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Costodiaphragmatic recess

Costodiaphragmatic recess
File:Costodiaphragmatic recess.jpg
Chest X-ray of a 30-year-old healthy man, with the costodiaphragmatic recess label in red ellipse
Front view of thorax, showing the relations of the pleurae and lungs to the chest wall
(pleura in blue and lungs in purple)
Latin Recessus costodiaphragmaticus
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Anatomical terminology

The costodiaphragmatic recess (or phrenicocostal sinus[1]) is a potential space in the pleural cavity, at the posterior most tips of the cavity, located at the junction of the costal pleura and diaphragmatic pleura. It measures approximately 5 cm vertically, and extends from the eighth to the tenth rib along the mid-axillary line.


The lungs expand into this recess during forced inspiration, however the recess never fills completely. During expiration, it contains no lung tissue, only pleural fluid.

Clinical significance

Pleural effusions collect in the costodiaphragmatic recess when in standing position.[2]

A thoracocentesis (pleural tap) is often performed here while a patient is in full expiration because of less risk of puncturing the lungs and thereby causing pneumothorax.[2]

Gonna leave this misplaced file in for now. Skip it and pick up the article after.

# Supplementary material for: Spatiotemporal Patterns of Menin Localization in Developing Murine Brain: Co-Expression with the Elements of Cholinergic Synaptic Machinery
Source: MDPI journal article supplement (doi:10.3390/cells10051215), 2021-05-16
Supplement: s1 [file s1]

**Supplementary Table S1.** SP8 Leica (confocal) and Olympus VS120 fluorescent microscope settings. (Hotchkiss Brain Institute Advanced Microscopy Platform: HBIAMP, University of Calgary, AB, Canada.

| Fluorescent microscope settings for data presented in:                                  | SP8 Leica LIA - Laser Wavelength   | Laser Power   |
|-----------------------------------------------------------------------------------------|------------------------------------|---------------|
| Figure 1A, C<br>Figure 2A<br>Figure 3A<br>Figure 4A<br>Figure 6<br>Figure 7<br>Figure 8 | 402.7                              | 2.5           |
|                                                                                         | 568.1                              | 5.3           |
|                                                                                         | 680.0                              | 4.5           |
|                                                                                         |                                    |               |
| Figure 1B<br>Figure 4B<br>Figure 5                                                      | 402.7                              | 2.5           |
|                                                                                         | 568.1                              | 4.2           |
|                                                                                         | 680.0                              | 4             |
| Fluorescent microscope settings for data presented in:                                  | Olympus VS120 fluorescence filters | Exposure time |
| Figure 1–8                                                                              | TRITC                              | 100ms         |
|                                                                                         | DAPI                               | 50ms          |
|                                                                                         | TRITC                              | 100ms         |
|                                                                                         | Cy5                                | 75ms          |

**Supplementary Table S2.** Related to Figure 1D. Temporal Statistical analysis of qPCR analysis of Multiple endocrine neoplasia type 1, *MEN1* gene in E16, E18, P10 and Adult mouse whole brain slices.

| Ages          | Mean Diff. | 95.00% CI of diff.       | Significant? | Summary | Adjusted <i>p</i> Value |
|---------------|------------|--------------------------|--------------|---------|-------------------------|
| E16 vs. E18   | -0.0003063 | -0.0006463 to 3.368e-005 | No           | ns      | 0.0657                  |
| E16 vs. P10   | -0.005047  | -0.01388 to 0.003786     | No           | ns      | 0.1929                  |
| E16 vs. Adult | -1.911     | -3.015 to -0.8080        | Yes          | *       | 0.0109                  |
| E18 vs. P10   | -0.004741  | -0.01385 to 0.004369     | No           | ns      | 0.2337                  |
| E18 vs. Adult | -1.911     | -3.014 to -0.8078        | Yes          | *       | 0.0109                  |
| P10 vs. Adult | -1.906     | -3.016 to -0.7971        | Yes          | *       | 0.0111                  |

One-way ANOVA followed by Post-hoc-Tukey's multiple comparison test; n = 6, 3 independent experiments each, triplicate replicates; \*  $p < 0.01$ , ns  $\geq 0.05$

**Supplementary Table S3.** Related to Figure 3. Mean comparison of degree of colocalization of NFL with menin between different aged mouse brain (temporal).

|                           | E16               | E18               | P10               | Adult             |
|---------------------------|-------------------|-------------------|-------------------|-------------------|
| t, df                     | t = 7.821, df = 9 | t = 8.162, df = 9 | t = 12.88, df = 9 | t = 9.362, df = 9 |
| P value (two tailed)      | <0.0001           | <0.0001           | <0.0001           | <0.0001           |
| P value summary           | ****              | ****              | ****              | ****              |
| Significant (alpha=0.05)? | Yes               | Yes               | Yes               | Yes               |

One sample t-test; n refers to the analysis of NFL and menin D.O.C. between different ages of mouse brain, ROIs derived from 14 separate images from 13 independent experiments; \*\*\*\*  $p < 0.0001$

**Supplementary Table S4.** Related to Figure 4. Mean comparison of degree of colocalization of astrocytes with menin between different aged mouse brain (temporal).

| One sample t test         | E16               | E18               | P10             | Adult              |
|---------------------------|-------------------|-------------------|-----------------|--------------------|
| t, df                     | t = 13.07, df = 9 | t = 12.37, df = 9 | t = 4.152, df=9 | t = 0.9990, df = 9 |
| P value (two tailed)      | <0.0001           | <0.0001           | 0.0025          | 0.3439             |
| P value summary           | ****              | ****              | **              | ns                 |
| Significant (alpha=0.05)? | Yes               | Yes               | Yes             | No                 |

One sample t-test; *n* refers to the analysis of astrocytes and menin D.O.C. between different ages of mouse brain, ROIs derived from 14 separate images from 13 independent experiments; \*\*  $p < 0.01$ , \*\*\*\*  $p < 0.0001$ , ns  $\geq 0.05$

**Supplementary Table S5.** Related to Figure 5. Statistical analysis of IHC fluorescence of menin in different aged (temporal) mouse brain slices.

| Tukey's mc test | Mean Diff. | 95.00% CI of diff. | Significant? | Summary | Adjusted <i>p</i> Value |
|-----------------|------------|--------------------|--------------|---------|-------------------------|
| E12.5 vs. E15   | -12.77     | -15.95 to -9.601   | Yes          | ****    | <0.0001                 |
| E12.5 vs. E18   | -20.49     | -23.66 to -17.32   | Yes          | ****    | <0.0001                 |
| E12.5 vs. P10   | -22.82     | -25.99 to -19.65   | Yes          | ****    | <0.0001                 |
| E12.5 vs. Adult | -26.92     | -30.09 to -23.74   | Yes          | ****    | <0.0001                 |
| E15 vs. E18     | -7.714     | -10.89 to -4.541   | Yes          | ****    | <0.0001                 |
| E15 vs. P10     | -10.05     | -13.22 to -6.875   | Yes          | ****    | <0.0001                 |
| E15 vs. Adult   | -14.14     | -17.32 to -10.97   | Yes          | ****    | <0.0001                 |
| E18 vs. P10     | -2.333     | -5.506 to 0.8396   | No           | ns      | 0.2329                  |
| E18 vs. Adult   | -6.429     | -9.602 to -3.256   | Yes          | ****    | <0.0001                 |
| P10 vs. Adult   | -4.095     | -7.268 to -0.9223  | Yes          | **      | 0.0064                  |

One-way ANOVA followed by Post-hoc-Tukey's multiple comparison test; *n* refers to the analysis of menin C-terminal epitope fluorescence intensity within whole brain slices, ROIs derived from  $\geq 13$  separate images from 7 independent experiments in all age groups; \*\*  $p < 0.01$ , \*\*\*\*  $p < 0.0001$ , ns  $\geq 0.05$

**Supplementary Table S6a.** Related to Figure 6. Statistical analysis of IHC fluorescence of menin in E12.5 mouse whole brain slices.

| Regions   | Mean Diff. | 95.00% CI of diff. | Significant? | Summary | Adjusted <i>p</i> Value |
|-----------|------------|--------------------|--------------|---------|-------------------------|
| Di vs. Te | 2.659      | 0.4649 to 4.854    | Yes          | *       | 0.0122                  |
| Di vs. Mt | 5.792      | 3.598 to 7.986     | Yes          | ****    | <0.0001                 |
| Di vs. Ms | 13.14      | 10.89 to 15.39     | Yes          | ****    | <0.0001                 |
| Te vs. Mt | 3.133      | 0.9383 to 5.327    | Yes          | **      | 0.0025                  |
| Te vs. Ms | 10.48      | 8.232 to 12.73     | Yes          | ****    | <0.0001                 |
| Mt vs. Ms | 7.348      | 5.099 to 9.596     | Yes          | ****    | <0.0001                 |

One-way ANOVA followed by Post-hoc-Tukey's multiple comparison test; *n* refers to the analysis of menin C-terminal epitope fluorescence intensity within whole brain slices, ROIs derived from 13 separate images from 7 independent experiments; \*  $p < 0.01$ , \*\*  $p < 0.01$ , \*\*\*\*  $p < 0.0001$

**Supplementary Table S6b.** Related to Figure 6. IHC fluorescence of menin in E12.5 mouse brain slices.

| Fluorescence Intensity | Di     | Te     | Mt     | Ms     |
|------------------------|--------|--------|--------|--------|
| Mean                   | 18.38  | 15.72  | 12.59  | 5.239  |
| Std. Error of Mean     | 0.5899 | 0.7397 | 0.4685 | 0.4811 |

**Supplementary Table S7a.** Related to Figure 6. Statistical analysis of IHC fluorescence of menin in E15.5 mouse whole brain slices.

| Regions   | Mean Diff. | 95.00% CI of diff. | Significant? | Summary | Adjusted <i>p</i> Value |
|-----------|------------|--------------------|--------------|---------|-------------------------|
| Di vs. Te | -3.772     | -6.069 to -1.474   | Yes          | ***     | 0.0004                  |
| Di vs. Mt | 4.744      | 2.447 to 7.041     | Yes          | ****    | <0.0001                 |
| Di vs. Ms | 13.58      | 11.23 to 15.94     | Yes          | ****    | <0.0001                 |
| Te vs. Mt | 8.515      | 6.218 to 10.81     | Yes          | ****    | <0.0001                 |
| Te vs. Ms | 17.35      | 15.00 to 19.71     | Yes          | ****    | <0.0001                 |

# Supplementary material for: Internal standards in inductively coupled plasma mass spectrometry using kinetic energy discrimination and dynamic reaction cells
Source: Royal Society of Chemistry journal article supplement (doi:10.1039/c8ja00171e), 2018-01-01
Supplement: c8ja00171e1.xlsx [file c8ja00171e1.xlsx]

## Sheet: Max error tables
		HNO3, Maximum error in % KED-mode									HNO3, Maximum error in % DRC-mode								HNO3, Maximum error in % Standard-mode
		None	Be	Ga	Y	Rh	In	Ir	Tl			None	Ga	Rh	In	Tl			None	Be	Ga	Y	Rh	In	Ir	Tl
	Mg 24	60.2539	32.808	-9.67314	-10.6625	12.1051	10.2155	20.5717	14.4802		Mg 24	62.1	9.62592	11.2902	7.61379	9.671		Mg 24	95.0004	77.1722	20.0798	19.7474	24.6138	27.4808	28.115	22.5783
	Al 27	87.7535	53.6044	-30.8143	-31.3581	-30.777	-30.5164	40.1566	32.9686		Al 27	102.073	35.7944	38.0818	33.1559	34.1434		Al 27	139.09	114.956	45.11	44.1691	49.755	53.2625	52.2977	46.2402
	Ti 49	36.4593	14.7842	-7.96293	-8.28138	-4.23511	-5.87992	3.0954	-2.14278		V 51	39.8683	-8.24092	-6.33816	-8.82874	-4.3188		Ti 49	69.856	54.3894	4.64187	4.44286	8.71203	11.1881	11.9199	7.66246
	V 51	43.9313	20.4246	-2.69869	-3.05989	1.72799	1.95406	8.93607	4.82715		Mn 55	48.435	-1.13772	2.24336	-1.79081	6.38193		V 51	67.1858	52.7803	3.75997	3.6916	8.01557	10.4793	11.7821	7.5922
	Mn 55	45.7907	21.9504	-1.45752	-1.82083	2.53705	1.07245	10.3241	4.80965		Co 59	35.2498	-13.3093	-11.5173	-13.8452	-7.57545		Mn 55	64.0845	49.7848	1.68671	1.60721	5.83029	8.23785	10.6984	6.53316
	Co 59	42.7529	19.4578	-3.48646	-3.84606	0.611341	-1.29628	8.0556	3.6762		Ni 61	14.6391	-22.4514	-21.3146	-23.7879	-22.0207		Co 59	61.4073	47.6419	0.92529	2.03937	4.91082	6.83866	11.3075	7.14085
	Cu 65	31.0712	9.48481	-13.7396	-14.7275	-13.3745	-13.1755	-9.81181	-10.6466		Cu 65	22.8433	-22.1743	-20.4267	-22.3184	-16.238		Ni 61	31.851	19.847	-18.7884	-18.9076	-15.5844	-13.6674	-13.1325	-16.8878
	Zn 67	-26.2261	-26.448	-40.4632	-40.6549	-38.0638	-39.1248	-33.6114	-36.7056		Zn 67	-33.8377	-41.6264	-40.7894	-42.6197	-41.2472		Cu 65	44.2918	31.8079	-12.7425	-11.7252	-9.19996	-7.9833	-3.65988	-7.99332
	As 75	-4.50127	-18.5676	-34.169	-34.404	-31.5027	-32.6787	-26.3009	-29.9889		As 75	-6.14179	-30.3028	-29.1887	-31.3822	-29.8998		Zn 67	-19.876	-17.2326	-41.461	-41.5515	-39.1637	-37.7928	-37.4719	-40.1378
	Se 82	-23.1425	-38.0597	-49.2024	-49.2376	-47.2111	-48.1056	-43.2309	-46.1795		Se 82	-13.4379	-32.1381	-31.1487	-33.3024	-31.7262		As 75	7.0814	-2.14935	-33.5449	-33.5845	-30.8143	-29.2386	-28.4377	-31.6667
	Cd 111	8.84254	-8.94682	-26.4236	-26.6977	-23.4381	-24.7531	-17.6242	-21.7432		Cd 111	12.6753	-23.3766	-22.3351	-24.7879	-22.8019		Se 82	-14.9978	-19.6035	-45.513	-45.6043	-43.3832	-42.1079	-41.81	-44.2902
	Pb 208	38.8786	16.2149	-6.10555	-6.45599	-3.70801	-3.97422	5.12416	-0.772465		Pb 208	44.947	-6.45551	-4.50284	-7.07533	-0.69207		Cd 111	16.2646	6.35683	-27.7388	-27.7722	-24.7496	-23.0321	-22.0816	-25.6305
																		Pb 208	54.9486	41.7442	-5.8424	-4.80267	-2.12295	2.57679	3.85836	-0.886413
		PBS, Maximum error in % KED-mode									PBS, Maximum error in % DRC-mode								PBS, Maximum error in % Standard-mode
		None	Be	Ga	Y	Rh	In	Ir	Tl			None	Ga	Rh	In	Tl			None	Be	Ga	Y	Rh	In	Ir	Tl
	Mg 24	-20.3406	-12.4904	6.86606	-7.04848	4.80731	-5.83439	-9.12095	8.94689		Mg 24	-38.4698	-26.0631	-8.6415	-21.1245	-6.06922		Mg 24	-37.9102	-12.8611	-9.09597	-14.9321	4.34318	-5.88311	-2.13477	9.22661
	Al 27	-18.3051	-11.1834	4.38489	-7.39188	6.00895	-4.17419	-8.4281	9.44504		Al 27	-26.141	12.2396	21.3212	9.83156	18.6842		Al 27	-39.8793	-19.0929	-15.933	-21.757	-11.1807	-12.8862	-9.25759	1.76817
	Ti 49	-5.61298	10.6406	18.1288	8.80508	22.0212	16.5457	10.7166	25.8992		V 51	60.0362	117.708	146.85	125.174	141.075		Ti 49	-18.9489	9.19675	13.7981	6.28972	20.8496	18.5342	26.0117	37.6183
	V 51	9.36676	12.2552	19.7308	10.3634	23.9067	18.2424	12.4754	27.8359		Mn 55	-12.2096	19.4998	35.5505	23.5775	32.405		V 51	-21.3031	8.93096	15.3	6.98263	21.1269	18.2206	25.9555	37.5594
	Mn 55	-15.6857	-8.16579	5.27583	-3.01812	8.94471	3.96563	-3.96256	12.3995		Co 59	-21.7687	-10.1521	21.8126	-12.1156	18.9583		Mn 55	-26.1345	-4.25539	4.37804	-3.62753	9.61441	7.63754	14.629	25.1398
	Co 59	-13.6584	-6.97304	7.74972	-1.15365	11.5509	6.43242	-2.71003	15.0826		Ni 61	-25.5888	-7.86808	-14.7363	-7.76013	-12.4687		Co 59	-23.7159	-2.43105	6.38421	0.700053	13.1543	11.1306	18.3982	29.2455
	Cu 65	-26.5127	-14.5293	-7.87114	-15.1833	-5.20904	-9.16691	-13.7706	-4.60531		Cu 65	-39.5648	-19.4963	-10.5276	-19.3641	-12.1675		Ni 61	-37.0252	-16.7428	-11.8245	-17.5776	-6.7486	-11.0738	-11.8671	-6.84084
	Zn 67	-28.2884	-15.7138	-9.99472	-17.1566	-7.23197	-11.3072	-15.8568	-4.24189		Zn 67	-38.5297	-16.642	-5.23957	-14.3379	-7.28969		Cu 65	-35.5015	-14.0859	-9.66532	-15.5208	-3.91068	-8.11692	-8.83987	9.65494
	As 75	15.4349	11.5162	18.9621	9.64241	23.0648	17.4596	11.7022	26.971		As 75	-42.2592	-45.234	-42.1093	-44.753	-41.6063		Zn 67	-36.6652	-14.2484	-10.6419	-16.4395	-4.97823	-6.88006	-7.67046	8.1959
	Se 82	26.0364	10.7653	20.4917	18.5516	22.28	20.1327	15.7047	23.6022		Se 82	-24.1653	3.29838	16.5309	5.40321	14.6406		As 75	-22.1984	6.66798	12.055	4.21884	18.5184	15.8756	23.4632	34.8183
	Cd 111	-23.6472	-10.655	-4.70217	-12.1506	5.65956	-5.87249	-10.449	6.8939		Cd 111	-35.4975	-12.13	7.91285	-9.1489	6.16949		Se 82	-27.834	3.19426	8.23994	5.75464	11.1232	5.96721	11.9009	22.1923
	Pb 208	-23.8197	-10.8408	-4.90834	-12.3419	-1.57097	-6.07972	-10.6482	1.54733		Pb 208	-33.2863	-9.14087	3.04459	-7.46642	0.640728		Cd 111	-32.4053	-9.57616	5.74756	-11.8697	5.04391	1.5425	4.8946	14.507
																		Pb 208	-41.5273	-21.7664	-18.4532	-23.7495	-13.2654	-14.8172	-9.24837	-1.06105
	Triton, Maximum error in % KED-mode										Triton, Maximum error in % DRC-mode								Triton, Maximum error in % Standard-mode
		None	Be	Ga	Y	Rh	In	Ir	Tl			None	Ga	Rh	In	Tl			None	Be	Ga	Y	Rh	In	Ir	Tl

File:LLL pneumonia with effusionM.jpg
Comparison between a normal costophrenic angle on the patient's right, and an obscured costophrenic angle (circled) on the patient's left, due to pneumonia with parapneumonic effusion.

In anatomy, the costophrenic angles are the places where the diaphragm (-phrenic) meets the ribs (costo-).

Each costophrenic angle can normally be seen as on chest x-ray as a sharply-pointed, downward indentation (dark) between each hemi-diaphragm (white) and the adjacent chest wall (white). A small portion of each lung normally reaches into the costophrenic angle. The normal angle usually measures thirty degrees.

Pleural effusion

With pleural effusion, fluid often builds up in the costophrenic angle (due to gravity). This can push the lung upwards, resulting in "blunting" of the costophrenic angle. The posterior angle is the deepest. Obtuse angulation is sign of disease.

Chest x-ray is the first test done to confirm the presence of pleural fluid. The lateral upright chest x-ray should be examined when a pleural effusion is suspected. In an upright x-ray, 75 mL of fluid blunts the posterior costophrenic angle. Blunting of the lateral costophrenic angle usually requires about 175 mL but may take as much as 500 mL. Larger pleural effusions opacify portions of the hemithorax and may cause mediastinal shift; effusions > 4 L may cause complete opacification of the hemithorax and mediastinal shift to the contralateral side.[citation needed]

See also


This article incorporates text in the public domain from the 20th edition of Gray's Anatomy (1918)

External links